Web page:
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The work, which has been funded by English Heritage as part of its National Mapping Programme, has created a highly detailed map of Exmoor’s archaeology.
One of the most interesting finds was a possible neolithic or Bronze Age enclosure on Little Hangman Hill, Combe Martin. Although impossible to be completely accurate as to its age, it is similar when compared with other sites thought to be around that date on Dartmoor and Bodmin.
The aerial mapping of Exmoor is a useful tool for discovering new sites, and the above prehistoric site at Little Hangman Hill proves that there is still plenty to discover beneath these ancient moors.
Two more recent finds on Exmoor are of interest and to quote English Heritage….The prehistoric stone monuments on Exmoor are evocative monuments: geometric arrangements of sandstone slabs sited in remote combes; tall standing stones on open moor and stone rows, they give a tantalising glimpse into a remote past.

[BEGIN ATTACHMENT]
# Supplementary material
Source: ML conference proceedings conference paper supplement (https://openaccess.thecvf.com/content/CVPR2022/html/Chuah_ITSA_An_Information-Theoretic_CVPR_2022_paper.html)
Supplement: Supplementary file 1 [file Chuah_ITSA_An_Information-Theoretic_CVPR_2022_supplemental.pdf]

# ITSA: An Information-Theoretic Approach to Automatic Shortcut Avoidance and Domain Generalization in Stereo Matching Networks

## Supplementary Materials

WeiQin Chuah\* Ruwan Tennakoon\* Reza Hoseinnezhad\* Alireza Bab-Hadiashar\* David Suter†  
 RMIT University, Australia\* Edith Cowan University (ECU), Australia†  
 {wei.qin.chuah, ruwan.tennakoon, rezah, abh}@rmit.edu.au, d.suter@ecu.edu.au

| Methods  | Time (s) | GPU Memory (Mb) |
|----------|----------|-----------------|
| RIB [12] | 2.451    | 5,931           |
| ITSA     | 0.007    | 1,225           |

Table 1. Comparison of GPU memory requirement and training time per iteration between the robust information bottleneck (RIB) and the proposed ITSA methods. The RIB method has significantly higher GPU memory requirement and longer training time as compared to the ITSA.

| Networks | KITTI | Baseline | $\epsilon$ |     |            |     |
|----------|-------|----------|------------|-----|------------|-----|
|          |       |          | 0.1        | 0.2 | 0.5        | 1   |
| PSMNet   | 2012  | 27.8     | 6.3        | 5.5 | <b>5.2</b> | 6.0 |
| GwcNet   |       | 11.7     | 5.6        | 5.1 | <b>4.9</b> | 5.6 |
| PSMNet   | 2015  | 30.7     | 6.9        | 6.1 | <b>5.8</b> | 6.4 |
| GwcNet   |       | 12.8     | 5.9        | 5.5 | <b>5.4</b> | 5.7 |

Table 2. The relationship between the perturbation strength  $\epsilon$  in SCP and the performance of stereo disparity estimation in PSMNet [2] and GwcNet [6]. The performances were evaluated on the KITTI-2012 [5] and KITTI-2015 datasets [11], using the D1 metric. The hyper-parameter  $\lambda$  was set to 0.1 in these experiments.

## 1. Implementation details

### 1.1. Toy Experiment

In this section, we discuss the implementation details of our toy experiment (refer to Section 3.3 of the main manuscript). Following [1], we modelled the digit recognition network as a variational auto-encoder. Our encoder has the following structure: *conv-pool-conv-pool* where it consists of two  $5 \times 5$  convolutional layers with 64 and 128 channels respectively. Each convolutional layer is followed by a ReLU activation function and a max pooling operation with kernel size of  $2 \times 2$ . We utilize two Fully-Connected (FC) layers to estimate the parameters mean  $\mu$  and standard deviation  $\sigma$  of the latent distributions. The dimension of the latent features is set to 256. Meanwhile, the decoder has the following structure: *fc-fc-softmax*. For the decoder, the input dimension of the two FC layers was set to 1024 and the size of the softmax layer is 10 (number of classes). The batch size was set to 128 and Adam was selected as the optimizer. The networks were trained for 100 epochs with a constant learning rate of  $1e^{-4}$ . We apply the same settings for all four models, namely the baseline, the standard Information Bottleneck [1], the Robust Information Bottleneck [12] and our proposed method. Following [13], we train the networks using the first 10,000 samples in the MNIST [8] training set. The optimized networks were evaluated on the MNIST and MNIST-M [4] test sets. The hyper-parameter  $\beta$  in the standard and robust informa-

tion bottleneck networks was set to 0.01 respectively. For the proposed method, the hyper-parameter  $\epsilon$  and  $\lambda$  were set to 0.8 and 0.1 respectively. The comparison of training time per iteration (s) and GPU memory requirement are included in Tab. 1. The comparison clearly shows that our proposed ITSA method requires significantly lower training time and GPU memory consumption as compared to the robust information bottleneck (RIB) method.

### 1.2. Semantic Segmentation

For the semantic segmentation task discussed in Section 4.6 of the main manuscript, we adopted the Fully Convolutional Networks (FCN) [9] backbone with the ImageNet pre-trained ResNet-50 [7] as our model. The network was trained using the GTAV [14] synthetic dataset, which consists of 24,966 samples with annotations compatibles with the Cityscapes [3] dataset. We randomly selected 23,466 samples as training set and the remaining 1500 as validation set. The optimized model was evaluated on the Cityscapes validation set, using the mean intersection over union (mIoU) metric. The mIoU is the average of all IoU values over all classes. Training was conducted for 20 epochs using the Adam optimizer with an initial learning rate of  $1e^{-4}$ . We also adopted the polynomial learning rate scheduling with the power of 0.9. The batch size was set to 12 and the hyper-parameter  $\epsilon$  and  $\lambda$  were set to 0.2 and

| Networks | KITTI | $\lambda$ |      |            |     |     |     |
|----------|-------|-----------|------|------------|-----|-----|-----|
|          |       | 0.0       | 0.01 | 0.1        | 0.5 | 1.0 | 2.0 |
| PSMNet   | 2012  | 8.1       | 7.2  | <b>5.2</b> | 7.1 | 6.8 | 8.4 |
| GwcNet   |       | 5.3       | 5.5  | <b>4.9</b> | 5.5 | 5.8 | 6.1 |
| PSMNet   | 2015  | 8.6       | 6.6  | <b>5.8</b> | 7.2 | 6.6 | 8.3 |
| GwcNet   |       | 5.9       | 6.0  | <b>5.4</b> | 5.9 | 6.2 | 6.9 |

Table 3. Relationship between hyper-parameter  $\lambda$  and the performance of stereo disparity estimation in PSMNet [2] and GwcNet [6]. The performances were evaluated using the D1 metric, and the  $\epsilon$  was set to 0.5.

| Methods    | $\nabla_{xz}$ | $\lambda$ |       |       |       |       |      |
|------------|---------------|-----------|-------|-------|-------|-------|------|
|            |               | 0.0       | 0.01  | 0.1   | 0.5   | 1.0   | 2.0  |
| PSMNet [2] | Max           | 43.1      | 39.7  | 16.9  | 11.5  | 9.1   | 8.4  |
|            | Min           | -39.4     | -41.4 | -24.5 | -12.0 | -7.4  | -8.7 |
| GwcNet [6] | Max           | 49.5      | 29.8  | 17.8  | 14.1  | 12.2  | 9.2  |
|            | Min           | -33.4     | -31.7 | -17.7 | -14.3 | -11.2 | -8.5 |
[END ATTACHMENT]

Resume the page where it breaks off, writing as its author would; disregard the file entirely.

In 2006 Celia Haddon discovered a new stone row on Exmoor, at the time only eight stone rows had been found on the moors. The row was found at Warcombe Water, on the ridge there were fifteen small sandstone slabs each carefully set upright in a long line.
The other find of a small standing stone at Codsend Moor, also reveals a prehistoric relict field system together with huts, cairns and standing stones.
As the prehistoric past of Britain slowly reveals itself in standing stones and burial cairns it is a humbling experience to realise that this small island had a prehistoric existence we know so little of, when the only materials of the land were stone, timber and flint for tools, neolithic people carved and created not only their livelihoods from the earth but took time to erect stones, whether large or small to symbolise a meaning to them we cannot hope to catch, and here on Exmoor caught in the tough wild grasses of the moor small stones nestle tracing a mysterious past that is lost forever.